Rising MMA star Claudia Gadelha credits her training in combat sports with helping her beat drug addiction. Could it work for others?
Claudia Gadelha is five-foot-three and weighs 115 pounds. She’s a law student at a university in Rio de Janeior, Brazil. She’s also one of the toughest women on the planet.
Gadelha is a mixed martial artist competing in the strawweight division in the Ultimate Fighting Championship (UFC). A champion in Brazilian jiu jitsu, she started training when she was fifteen years old. As MMA became more popular, she saw an opportunity to have a career as a mixed martial artist and made the transition to competing in that sport in 2008. She is currently the #2 female strawweight, and the #10 best fighter pound-for-pound in the world.
She began training because as a teenager she realized that she needed a focus in her life. In an interview (1), she said that she was having family issues and wanted help.
“That was when I started using drugs. I did everything: using (cocaine), smoking marijuana. Sports got me out of drugs when I was 15. I wanted to start working out and doing exercises, but my mother wouldn’t let me. At first, I started working out without telling her. I remember I skipped school to go to the gym.”
Gadelha says that, like many young people, she enjoyed partying, going out and drinking with friends.
“Sports gave me another idea of life. I saw that if I went out the night before, I wouldn’t be able to train well the next morning.”
Another young person who found help with his personal problems was boxer Mike Tyson. Although now he’s known more for the personal and financial problems that made headlines several years ago, when he first took up boxing he was an angry and violent young man. (By the age of thirteen, Tyson had been arrested 38 times.) Recently Tyson revealed that he had been sexually assaulted when he was seven years old.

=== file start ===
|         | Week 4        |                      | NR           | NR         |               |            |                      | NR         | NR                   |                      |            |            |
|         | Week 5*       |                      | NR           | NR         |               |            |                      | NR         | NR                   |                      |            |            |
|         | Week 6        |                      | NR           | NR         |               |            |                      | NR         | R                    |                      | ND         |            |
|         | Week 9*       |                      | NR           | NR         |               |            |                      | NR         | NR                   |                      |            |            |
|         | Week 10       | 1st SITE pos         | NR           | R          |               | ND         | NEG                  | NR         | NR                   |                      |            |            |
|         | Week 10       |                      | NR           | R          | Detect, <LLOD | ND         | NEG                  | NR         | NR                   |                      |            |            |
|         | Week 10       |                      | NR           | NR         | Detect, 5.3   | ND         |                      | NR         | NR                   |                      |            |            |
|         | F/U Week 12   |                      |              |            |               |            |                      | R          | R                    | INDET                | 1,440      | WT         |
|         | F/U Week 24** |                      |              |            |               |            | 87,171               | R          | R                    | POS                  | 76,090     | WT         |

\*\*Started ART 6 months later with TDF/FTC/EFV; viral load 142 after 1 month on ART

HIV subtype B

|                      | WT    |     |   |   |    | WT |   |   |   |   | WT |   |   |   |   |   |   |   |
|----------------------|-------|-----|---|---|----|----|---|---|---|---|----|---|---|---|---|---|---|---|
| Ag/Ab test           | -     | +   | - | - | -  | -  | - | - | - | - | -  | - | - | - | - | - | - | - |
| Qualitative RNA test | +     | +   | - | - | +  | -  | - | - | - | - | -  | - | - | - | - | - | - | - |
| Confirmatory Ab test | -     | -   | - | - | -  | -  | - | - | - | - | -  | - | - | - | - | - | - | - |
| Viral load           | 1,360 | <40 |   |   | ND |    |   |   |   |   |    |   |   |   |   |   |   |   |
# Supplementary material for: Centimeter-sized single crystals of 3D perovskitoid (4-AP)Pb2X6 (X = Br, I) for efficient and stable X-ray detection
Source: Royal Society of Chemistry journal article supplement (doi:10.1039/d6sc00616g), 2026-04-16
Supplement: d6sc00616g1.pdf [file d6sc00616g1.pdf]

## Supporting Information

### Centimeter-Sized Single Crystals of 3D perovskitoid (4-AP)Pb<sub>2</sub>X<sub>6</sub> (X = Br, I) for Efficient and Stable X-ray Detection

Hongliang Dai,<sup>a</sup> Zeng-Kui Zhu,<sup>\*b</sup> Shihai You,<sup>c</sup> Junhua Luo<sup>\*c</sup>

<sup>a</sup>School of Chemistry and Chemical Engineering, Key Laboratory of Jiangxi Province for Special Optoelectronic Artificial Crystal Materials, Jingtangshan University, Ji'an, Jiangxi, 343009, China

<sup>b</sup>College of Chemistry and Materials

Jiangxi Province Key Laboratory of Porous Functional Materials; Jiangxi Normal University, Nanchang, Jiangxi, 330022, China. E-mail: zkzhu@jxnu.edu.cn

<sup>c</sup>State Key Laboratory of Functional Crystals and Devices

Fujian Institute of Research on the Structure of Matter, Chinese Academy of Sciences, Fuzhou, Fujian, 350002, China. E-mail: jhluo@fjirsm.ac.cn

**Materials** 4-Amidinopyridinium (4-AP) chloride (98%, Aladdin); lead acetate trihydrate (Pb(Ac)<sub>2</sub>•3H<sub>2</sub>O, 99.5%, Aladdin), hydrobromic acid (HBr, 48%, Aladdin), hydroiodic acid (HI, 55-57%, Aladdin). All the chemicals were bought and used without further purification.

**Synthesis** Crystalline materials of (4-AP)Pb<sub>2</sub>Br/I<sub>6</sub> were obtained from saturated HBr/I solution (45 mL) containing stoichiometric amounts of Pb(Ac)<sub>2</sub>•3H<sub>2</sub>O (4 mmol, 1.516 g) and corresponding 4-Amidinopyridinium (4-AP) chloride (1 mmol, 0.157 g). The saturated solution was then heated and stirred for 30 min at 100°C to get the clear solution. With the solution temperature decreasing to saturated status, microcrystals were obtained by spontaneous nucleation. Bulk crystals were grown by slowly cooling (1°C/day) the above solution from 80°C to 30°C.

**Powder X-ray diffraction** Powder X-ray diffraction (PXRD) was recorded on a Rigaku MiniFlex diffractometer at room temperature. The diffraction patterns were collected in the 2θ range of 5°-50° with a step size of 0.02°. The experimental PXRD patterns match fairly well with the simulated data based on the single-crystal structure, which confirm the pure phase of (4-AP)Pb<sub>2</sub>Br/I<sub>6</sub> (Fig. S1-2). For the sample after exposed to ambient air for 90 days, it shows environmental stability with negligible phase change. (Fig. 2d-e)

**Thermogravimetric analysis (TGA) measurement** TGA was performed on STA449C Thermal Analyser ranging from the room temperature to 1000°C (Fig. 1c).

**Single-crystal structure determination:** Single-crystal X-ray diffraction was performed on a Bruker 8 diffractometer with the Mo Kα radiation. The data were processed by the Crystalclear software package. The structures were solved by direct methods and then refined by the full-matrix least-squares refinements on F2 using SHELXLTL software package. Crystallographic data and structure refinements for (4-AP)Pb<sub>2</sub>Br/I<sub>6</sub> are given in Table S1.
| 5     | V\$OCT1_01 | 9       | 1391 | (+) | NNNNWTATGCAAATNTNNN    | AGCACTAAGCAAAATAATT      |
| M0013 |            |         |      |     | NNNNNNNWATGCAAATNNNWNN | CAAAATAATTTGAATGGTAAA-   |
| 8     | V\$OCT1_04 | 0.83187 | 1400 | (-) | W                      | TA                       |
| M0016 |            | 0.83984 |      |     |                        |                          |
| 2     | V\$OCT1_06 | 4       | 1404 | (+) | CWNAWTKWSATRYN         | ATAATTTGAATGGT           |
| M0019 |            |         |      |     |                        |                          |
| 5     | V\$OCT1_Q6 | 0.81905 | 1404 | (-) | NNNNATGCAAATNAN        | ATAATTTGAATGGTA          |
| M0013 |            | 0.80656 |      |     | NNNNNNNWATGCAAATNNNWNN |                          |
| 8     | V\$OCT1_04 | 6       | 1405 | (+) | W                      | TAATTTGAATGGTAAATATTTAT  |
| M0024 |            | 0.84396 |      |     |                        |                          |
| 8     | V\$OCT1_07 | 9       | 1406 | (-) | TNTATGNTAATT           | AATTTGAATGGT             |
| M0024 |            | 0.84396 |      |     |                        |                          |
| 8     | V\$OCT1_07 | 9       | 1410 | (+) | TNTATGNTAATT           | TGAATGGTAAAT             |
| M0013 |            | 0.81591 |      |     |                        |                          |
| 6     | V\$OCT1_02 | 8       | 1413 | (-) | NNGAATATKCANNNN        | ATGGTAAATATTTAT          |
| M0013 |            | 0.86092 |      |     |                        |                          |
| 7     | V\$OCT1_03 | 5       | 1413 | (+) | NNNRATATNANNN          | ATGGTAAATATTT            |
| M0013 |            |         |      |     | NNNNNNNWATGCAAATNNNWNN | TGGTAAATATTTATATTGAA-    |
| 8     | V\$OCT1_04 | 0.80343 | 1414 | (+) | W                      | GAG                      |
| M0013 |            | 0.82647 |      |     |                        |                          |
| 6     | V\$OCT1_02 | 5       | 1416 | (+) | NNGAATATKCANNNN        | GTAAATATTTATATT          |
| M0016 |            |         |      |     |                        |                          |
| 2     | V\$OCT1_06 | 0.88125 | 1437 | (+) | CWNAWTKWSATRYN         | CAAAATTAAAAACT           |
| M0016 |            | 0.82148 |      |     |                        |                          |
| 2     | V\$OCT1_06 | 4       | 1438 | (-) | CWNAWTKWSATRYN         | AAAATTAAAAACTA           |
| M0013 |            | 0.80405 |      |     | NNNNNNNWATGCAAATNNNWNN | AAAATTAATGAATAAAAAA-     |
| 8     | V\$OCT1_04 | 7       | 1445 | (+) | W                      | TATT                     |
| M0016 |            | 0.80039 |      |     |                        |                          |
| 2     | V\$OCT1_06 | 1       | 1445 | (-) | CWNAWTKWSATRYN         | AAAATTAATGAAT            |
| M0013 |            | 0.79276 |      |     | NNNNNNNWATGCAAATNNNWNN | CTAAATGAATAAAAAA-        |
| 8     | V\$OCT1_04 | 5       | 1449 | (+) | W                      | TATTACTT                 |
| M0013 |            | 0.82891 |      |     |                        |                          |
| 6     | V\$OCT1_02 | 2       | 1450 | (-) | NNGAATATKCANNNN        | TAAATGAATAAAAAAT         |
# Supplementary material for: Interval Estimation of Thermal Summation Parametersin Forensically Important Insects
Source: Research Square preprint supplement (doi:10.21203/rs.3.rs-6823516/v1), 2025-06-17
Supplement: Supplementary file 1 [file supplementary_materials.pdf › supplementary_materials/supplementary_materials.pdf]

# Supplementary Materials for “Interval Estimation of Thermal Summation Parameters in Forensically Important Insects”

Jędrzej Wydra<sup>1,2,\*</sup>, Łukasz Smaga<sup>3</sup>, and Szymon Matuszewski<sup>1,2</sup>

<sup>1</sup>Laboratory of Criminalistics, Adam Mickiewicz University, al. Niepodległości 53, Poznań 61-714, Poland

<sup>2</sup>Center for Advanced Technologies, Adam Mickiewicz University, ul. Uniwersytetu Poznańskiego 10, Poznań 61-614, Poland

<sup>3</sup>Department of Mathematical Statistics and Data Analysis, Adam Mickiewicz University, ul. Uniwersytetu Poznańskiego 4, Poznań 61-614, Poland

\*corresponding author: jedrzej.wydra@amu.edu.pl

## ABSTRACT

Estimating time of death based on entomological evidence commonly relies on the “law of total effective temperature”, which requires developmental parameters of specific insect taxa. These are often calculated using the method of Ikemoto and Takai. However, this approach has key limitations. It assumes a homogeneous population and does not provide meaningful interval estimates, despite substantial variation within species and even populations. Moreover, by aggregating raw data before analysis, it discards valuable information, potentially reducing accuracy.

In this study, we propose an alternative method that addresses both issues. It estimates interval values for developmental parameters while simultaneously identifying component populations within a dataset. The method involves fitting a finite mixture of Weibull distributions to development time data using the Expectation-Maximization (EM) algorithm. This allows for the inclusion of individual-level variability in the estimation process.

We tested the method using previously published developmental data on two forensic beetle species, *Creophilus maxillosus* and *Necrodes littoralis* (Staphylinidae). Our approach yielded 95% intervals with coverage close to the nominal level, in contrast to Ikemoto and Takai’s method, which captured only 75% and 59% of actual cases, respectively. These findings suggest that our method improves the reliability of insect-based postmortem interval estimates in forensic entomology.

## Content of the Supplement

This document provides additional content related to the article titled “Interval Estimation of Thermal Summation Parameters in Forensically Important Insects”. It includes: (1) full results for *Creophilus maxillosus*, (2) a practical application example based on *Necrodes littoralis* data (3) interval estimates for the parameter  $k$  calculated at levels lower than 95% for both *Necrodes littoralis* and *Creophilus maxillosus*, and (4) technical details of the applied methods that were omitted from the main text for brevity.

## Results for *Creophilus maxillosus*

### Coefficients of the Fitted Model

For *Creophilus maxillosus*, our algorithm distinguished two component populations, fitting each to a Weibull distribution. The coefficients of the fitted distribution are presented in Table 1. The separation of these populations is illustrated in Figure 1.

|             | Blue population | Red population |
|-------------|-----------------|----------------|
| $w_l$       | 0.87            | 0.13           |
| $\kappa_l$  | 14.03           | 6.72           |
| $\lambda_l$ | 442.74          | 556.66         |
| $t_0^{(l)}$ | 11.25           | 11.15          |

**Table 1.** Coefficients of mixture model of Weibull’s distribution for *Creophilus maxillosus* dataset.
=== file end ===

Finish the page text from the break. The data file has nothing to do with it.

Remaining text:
Upon being sent to a detention center for young boys, Tyson took up boxing, and a trainer there thought he had promise. He introduced Tyson to Cus d’Amato, who eventually adopted the young man. In addition to his boxing training, d’Amato implemented a self-help regimen that essentially transformed Tyson into a boxing champion. Tyson has said that if not for Cus d’Amato, he would probably have died at a young age. While not curing all of Tyson’s emotional and drug-related issues, boxing helped focus on something other than getting into trouble, and saved his life.
While engaging in organized sports has proven successful in helping many people recover from addiction, the particular focus required in combat sports may be one of the most effective tools in beating substance abuse. That discipline may spread to other parts of a person’s life, providing them with an effective weapon against falling prey.
(1) “Sports helped UFC strawweight Claudia Gadelha beat drug addiction”